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Croatia: An Adriatic Escape

Flavors of Italy

At the north end of Croatia, along its border with Italy, is the Istrian Peninsula. Here, the landscape of rolling green hills, fertile valleys, vineyards and hilltop villages has a distinctly Italian feel — think Tuscany without as many tourists.

As a base for exploring Croatia’s Istrian Peninsula, many choose the fishing village of Rovijn, where they can linger over espressos in outdoor cafes or wander through Balbi’s Arch, an ancient city gate with a late Renaissance clock tower, to prowl the Old Town. Some even make it to the top of the town’s hill to the baroque Church of St. Euphemia. Legend has it that the martyr’s coffin washed ashore here in A.D. 800, and her feast day is celebrated September 16.

A day trip from Rovijn might be to one of the 60 wineries that dot the Croatian part of the peninsula, mostly producing a grape used for Malvasia, a white table or dessert wine. The wineries provide a spectacular setting for sampling the vintages. At Kozlovic Winery, the tasting room overlooks a hill crowned by a medieval castle, and the Kabola Wine Estate is postcard perfect, with stone buildings boasting electric-blue shutters and window boxes planted with red geraniums.

Thoughts of wine automatically lead to thoughts of food, and Istria is justly celebrated as Croatia’s culinary capital. Foodies have a number of spots from which to choose. Try lunch on the poolside terrace at San Rocco, a boutique hotel in the village of Brtonigla, where fresh fish and truffles, sniffed out here by dogs instead of pigs, are accompanied by local wines.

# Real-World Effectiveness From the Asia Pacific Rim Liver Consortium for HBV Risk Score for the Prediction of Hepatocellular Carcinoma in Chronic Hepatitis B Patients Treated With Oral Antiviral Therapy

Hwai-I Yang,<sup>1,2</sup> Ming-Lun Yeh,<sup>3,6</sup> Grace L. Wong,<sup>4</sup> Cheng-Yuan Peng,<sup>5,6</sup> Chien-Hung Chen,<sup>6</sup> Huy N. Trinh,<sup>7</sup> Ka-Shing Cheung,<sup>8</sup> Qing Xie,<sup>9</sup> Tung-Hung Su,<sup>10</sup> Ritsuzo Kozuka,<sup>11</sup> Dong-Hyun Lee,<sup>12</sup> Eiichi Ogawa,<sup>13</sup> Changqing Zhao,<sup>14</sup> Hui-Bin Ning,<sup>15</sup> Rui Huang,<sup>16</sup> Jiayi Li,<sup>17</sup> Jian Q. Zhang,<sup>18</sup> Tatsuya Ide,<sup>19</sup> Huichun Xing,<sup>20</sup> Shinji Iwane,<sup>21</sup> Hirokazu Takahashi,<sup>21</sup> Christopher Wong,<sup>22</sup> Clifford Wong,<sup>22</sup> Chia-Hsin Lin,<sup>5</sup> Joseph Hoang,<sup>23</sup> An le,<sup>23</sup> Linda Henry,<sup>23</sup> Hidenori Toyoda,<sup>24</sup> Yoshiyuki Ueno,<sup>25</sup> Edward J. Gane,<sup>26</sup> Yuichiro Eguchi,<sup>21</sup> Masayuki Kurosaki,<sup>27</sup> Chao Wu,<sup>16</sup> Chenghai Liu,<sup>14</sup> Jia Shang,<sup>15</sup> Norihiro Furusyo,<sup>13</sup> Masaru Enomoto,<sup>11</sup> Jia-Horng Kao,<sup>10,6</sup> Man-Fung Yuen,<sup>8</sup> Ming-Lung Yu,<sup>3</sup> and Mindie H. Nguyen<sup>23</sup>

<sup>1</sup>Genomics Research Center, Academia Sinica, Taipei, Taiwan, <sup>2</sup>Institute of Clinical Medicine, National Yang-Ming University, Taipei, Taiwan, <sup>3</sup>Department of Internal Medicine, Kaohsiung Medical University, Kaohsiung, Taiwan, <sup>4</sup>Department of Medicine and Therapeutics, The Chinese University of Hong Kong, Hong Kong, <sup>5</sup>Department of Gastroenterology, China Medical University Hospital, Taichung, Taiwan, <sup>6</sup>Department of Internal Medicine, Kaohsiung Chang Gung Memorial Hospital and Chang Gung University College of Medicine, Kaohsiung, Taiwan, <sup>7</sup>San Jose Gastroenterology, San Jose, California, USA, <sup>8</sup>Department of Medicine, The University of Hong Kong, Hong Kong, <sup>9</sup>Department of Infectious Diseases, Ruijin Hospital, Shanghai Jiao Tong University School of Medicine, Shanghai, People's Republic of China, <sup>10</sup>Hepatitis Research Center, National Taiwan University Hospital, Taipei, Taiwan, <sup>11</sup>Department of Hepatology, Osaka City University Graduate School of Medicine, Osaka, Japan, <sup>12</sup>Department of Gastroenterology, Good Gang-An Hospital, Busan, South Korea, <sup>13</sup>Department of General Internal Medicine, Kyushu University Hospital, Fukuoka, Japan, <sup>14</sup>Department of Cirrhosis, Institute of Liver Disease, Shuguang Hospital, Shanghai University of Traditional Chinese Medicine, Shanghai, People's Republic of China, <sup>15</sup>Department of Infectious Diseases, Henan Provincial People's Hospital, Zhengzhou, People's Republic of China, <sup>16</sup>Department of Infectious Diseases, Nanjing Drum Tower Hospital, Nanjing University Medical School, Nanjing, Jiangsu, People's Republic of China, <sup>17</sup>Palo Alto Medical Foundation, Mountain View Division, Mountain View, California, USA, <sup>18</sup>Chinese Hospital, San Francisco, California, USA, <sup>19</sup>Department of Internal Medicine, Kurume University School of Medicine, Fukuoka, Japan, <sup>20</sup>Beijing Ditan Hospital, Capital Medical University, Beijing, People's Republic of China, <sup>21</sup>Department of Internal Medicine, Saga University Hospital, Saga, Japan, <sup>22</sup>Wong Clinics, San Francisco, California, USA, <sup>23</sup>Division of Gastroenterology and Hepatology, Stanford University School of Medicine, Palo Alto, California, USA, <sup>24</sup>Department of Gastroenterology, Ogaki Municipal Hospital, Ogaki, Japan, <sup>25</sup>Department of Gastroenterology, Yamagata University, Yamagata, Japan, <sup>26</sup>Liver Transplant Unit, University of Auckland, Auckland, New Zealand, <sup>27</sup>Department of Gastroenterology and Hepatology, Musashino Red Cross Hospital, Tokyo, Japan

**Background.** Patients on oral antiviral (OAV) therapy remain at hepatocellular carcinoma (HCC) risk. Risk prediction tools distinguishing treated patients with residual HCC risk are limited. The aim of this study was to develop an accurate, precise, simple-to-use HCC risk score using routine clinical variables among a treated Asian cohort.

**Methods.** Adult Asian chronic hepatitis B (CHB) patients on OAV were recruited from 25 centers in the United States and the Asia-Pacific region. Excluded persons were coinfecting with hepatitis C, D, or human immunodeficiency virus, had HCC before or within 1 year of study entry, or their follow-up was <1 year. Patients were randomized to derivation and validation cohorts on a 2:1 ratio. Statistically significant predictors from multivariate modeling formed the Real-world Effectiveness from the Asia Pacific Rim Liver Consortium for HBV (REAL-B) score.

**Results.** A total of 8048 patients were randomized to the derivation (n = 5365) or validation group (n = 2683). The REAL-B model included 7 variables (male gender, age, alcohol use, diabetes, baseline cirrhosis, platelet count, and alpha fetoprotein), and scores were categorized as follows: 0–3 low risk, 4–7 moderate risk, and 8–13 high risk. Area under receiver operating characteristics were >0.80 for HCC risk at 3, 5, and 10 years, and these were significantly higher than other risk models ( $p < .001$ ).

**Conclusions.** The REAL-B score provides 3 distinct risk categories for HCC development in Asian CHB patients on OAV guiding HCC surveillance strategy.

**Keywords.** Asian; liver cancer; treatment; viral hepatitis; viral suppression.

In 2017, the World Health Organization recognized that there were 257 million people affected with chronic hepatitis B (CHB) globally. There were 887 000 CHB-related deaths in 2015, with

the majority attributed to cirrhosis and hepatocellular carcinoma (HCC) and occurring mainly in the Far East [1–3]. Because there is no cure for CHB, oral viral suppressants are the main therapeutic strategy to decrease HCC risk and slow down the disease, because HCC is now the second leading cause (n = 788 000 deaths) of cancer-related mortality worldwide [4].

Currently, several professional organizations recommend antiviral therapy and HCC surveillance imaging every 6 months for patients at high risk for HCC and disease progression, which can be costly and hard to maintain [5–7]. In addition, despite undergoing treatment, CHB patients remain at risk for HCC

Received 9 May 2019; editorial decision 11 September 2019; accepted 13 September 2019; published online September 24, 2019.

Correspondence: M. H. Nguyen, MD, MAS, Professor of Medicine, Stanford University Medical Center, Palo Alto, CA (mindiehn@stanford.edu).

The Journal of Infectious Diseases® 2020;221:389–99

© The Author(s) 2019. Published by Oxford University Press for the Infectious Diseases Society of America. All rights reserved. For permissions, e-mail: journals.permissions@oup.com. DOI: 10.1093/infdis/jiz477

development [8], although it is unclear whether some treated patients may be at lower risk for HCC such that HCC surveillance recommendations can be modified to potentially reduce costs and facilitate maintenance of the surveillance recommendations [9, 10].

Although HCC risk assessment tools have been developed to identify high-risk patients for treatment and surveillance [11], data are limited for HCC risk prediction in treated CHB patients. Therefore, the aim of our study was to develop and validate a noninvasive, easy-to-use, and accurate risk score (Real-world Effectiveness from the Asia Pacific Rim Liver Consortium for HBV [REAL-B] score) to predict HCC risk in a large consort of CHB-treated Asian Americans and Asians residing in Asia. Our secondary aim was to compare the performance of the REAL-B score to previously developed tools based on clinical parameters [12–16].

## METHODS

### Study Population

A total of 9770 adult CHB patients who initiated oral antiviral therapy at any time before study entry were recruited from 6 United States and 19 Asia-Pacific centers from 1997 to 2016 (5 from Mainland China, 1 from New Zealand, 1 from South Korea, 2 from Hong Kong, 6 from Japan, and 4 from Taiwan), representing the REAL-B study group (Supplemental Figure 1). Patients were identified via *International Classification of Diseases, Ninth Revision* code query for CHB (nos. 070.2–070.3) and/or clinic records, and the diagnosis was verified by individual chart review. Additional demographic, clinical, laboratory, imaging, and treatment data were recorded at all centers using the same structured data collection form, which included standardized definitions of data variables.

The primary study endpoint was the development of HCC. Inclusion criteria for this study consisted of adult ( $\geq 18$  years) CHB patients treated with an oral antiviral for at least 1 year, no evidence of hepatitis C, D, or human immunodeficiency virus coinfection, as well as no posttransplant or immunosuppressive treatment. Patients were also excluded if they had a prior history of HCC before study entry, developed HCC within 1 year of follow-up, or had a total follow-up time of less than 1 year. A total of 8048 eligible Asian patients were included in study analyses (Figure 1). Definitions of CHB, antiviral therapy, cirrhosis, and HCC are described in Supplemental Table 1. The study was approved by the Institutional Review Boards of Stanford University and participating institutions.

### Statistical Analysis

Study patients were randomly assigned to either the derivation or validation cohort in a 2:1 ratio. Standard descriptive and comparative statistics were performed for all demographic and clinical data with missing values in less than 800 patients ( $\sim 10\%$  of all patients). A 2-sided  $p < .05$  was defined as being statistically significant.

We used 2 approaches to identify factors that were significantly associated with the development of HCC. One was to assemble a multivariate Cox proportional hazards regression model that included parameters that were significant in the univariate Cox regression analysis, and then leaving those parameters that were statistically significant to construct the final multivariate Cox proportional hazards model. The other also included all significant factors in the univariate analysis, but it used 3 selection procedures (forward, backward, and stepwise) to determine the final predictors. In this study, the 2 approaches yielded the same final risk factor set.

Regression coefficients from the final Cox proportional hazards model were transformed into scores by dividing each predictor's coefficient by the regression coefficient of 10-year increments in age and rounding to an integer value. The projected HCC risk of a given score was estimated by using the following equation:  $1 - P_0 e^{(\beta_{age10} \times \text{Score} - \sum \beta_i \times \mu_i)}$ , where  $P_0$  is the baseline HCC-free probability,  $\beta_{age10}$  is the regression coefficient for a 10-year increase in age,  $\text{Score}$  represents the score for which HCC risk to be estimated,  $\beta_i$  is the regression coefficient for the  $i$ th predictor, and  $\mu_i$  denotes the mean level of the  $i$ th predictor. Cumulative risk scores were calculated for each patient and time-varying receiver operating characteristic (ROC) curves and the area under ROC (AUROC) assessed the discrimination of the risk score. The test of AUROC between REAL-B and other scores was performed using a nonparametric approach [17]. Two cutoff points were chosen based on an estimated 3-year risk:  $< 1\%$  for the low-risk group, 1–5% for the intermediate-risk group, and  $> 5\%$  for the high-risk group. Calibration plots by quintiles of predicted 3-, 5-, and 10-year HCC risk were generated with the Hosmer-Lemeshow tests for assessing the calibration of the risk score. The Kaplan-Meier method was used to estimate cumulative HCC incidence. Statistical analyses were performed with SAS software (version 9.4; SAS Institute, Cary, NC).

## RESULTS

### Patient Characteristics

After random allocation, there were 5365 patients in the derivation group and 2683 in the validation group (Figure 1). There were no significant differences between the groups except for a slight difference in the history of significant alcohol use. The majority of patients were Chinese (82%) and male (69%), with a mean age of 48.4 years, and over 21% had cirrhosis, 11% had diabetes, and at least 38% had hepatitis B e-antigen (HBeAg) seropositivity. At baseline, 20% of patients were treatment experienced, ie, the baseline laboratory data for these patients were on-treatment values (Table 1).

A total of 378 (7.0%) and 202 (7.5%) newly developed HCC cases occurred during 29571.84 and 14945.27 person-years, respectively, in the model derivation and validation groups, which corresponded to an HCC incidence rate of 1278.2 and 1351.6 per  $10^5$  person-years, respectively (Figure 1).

Or there’s Stancija Meneghetti, another boutique hotel nestled among vineyards and olive groves. At a lavishly appointed table beneath an arbor groaning with wisteria, sample prosciutto and goat cheese, followed by selected dishes of Blue Istria — the bounty of the sea from crabs to octopus — and Green Istria, beef, pork and free-range chicken.

Find new meaning to the concept of slow food during a meal at Toklarija, a restaurant in a converted olive mill, where a three-, four- or five-course lunch can take up an entire afternoon.


A Dramatic History

A traveler cannot live on leisurely lunches alone, and Istria has much to offer the adventurous sightseer, especially considering that its history has been shaped by Romans, Goths, Lombards, Franks, Venetians, Austro-Hungarians and Germans, to name just a few.

This compelling history can be traced throughout Istria. If it’s ancient history you want, a stop in Pula is in order to see its famous Roman amphitheater, one of the largest in the world. Constructed from A.D. 27 to 68, it was enlarged by Emperor Vespasian in A.D. 79 for use as a gladiatorial arena. Today, with room for 23,000 spectators, it is a popular concert venue.

Of later vintage is Vrsar, with its steep, cobbled streets and shaded squares overlooking the sea; the town is linked to notorious 18th-century Italian adventurer Giacomo Casanova. Fleeing here after publication of his scandalous memoirs made him persona non grata in his native Venice, Casanova proclaimed Vrsar a place of “great wine, good food and nice women.”

Take a boat from the resort town of Fazana to the Brijuni National Park, a group of 14 islands in the northern Adriatic. Only two of the islands may be visited, with the largest, Veli Brijun, the most popular.

Veli Brijun has some impressive archaeological sites, including a Bronze Age hill fort, a Roman villa from the second century B.C., a Byzantine palace and a church built by the Knights Templar during the 13th century. However, the island is best known as the summer residence of Josip Tito Broz, longtime president of the former Yugoslavia. The charismatic Tito, who led the resistance against the Nazis during World War II, governed from 1953 until his death in 1980 and is still revered by most Croatians. A museum on the island showcases his remarkable life.

After exploring Dubrovnik, Istria and the islands and villages of the Adriatic, your travelers will come to appreciate Croatia’s remarkable history and think of the country in a whole new way. 

For more information visit the Croatian National Tourism Board website at